Wasted Energy

Tuesday, Sep 15, 2009

According to the U.S. Energy Information Administration, more than half of all energy produced or imported in the United States is lost either in transmission or in conversion. Cars (internal combustion engines) are the worst offenders, with only 20% of the energy (e.g. gasoline) reaching the drive train.

https://eed.llnl.gov/flow/pdf/USEnFlow02-quads.pdf

https://eed.llnl.gov/flow/images/LLNLEnergyChart300.jpg (Energy Flow Charts)

Things were similar in 1976:

https://eed.llnl.gov/flow/pdf/UCID-17443.pdf

1 quad is 10^15 Btu (British Thermal Unit).

1 Btu is the amount of heat necessary to raise one pound of water by 1 degree Fahrenheit (F), or approximately the amount of heat created by a single match.

For electricity generation, the electrical system energy losses are assumed by the EIA to be about two-thirds of the energy consumed. In the residential/commercial and industrial sectors, the division between "useful" and "rejected" or "lost" energy depends on assumed efficiencies of conversion processes, based on engineer's estimates for the conversion efficiency of devices such as process heaters and boilers. In the residential/commercial sector, a 75% efficiency is assumed, which is a weighted average between space heating at approximately 60% and electrical motors and other electrical uses at about 90%. For the industrial sector, 80% efficiency is assumed. For transportation, a generous 20% efficiency is assumed, which corresponds to the approximate average efficiency of internal combustion engines as measured on Federal Driving Schedules (i.e., the amount of energy that actually reaches the drive train of a vehicle, compared to the amount of energy consumed.)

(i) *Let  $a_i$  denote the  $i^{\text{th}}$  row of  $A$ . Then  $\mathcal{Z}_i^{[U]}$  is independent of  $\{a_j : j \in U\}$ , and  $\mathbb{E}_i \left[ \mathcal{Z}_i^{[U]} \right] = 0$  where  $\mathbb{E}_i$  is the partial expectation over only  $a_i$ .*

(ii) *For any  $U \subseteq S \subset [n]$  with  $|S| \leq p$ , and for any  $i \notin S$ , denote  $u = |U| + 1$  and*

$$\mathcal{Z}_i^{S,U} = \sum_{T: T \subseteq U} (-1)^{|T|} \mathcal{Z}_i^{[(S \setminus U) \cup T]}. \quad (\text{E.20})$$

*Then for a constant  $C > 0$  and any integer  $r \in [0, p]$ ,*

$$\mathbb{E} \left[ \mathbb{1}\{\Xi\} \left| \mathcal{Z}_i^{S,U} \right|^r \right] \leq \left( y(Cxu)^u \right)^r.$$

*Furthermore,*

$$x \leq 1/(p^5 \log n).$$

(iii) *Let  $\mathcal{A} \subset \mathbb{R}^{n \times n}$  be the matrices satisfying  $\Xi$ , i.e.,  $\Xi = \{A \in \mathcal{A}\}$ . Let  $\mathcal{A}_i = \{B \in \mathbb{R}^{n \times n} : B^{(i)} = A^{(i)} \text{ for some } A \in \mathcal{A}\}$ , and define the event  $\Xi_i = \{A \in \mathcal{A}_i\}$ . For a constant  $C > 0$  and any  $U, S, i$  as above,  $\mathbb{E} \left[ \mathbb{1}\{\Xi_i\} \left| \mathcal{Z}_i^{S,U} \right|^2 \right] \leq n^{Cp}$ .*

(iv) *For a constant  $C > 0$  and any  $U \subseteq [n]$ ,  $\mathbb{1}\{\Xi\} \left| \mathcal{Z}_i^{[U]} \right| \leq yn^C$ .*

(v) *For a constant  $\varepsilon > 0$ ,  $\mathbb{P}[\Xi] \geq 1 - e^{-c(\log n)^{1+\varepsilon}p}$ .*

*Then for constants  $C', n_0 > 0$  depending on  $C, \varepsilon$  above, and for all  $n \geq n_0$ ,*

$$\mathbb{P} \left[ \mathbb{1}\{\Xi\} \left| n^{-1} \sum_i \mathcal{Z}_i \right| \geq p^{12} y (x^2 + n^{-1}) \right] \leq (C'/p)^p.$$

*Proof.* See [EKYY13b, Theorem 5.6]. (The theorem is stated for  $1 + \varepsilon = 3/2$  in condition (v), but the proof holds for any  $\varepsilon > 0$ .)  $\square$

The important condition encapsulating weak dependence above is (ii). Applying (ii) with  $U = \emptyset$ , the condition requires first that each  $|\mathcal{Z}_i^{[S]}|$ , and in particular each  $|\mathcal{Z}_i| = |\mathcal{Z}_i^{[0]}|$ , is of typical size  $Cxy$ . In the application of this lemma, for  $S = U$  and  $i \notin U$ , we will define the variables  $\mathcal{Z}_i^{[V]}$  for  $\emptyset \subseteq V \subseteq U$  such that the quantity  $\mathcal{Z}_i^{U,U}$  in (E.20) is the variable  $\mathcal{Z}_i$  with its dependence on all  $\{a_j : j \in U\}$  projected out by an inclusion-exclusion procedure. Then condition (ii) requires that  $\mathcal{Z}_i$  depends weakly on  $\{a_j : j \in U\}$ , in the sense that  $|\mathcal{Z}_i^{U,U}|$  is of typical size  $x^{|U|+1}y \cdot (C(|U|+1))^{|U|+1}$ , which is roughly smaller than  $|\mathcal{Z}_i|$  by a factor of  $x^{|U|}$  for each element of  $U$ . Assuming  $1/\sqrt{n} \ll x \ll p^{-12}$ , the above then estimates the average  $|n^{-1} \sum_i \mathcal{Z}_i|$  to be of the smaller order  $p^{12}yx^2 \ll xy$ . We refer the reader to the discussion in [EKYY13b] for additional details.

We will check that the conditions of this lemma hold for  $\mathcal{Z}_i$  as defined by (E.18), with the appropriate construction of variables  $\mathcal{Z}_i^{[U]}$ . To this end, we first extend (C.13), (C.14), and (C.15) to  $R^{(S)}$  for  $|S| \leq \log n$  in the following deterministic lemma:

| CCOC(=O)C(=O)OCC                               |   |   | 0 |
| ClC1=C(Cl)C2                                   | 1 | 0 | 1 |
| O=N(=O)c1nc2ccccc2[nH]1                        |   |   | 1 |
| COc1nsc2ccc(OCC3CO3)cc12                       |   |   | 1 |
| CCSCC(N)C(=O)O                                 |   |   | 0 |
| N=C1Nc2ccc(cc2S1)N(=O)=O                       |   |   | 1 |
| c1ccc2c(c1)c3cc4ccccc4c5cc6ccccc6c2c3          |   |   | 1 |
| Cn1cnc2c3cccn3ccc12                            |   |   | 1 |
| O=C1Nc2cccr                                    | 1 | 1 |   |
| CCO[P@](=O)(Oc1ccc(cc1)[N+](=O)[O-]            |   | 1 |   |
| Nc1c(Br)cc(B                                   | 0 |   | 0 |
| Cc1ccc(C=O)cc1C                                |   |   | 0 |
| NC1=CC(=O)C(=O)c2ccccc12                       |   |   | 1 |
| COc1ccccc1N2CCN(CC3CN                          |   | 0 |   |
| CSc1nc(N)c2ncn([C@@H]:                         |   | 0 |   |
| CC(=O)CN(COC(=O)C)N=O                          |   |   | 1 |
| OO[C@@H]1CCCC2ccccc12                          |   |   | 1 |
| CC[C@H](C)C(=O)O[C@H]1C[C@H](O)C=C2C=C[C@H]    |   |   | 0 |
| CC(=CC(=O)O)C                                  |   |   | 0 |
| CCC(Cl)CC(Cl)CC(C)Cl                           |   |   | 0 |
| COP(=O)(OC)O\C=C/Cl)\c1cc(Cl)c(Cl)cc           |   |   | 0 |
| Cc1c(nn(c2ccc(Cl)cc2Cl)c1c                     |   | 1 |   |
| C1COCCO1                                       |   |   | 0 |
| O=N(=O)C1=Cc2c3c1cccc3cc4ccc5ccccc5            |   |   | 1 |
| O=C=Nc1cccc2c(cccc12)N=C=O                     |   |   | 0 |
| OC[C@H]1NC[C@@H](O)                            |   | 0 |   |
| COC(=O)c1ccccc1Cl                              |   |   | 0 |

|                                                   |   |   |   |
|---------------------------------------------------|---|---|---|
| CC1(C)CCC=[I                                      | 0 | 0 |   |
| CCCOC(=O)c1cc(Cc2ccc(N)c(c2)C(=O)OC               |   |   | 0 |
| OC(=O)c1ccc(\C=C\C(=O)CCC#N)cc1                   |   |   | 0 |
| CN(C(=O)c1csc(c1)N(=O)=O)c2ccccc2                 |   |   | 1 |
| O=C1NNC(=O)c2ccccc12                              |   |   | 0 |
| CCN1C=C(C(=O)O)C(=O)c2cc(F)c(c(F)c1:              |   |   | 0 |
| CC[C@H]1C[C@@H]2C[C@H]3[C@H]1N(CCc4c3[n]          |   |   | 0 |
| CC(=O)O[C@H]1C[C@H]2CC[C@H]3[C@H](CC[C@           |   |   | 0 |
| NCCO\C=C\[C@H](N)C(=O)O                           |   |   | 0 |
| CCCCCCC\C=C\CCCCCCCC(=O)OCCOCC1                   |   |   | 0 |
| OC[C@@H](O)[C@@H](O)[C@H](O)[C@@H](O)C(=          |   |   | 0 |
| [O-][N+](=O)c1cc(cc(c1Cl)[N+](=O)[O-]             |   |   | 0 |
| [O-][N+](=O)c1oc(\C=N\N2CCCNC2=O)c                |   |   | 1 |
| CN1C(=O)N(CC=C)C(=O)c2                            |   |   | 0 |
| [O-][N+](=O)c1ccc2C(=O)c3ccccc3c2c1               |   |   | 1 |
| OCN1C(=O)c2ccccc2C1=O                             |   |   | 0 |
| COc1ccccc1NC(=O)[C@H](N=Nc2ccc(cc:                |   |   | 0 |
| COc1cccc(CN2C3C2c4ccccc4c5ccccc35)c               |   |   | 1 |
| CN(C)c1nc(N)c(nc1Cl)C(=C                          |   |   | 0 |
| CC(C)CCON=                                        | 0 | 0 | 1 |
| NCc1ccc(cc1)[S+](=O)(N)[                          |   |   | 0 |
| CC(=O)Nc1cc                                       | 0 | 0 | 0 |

The energy content of fuels varies depending on source, fuel type, year of production, and the sector using the fuel. Some conversion factors, useful for estimation, are given below.

Short ton of coal: 21,400,000 Btu Barrel (42 gallons) of crude oil: 5,800,000 Btu Cubic foot of natural gas (at standard conditions): 1,027 Btu Kilowatt-hour of electricity: 3,412 Btu

Energy and Environment at Lawrence Livermore National Laboratory, Data and Conventions Used, https://eed.llnl.gov/flow/dataused.php.